Critics are cacti. They require little care or watering. Thus we believe that by its nature, Entertainment Weekly should be inexpensive to produce. First because it is filled with writing by people who should need little editing. Second because it will have the most predictable and thus managable content of any magazine in the company. And third because we are bound and determined to make it inexpensive. Entertainment Weekly should be the beginnning of a new generation of Time Inc. magazines not only in what is produced but also in how that is produced.

- don't care where the magazine is started. I want to act as if ~e'r8 starting it 3,000 miles away. Which is not intended as an insult to the Time Inc. Way. I only mean that we should not become dependent upon, addicted to and in debt because we are using services we cannot afford or do not need. I wourd like to see this run as an independent company with its own meaningful P&L, its own meaningful bottom line. So I would not use the library because .it clips The New York Times when I need Variety and the Star, which I can get from independent services and now from plenty of electronic data bases. I can get better information -- for the purposes of this specialized magazine -cheaper elsewhere. That's just one example. In general, I don't want to see us waste the chance to do some true zero-based budgeting, to start from scratch and build only where we need to. That's one way we'll keep it cheap,

Another way is in production. Some of you know that I am an erstwhile amateur nerd; I love technology. But I will not buy machines for the sake of buying machines. I will start with the presumption that the old-fashioned way is way to go until I can see technology reliablY saving me time and money. For example: I suspect we will start producing our pages by stripping -- by hiring some of the surplus of freelance artists around and giving each an exacto knife, not a computer mouse. Writers will work on PCs, of cours~, but designers may not at the start. Where it is possible to use computers to design and produce pages, we will get them. But we won't wait for them. We can start the magazine first and add the technology later. I certainly hope to do that. r would love to build a network of PCs for writing, editing, design, production and data base use and will start looking at that from the first day. But first, we put out a magazine.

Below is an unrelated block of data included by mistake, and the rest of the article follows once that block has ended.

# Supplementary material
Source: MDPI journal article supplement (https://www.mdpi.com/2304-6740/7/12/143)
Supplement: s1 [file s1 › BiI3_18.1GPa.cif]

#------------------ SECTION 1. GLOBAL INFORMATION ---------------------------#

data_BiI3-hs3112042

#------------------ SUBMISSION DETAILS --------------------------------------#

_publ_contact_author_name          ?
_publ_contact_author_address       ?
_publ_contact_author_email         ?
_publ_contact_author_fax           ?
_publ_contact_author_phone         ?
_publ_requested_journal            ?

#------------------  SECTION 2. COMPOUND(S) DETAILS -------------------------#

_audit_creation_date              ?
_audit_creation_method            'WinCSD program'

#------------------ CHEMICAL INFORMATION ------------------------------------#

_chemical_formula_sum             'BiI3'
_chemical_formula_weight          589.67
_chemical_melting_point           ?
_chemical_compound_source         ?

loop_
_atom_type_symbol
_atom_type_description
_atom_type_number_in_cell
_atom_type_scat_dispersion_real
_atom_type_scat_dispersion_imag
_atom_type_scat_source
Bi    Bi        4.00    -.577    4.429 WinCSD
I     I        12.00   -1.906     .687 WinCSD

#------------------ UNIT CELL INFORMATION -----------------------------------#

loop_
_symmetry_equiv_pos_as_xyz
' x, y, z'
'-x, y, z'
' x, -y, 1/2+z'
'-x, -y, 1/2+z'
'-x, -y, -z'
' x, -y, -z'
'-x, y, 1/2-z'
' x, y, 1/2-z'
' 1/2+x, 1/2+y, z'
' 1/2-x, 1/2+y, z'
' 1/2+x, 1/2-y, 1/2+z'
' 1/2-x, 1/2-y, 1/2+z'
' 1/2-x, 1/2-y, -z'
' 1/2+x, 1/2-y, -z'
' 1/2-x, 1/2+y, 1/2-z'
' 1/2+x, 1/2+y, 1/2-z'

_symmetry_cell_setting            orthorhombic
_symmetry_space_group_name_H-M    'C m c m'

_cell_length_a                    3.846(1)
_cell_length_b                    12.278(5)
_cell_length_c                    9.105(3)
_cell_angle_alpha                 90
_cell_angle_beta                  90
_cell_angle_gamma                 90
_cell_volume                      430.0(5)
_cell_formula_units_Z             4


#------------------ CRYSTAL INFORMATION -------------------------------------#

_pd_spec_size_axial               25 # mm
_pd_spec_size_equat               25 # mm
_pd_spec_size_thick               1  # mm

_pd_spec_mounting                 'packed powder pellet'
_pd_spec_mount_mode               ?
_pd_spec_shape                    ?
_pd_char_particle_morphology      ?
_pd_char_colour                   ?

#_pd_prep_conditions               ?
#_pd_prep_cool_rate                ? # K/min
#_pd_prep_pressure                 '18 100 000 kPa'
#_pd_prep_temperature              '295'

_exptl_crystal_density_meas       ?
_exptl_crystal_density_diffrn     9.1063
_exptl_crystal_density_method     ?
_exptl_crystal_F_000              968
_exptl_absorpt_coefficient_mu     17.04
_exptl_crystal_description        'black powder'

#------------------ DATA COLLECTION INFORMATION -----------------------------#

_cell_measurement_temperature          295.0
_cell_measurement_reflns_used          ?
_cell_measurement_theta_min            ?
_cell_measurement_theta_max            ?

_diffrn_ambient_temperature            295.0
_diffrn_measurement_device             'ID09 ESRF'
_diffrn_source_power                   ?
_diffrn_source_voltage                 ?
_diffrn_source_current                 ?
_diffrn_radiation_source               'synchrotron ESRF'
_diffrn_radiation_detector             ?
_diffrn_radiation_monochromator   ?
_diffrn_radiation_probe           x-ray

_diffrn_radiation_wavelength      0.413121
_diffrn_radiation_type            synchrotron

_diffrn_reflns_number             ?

One more way in which we save money: Predictability. Months ahead of time, When movies and shows go into production. we can assign stories. Weeks ahead of time, we can draw up mockups, knowing exactly what reviews, stories and photos will appear on each page with space left for late-breaking news, What there is of it. So we should -- we must -- close pages of this magazine every day of the week. We must take advantage of the predictability to save time -- mostly overtime. And that's how we really intend to save money at Entertainment Weekly: with management.

I have other ideas for changing the order in which things are done on a magazine -- sometimes writing the text first and then giving it to the art department, for instance. And I want to steal a few ideas from my newspaper experience -- combining the functions of research, copy-editing and page-closing in a more powerful single post, for example. I haven·t had a chance to think through every detail.

The point is this: We are determined to find new, more efficient, and cheaper ways to put out the magazine. And this magazine is

ideal for such an effort. But more important right now is the talent search. If we find the right writers and editors and designers, we can put out a magazine around them and look good,

I believe that Entertainment Weekly meets the needs of consumers today, Thus it will meet the needs of advertisers. And I believe it meets our needs in Time Inc. But we are not alone. I'm surely not the first and I'm definitely not the only person to have this idea. I just hope we are the first to act on it.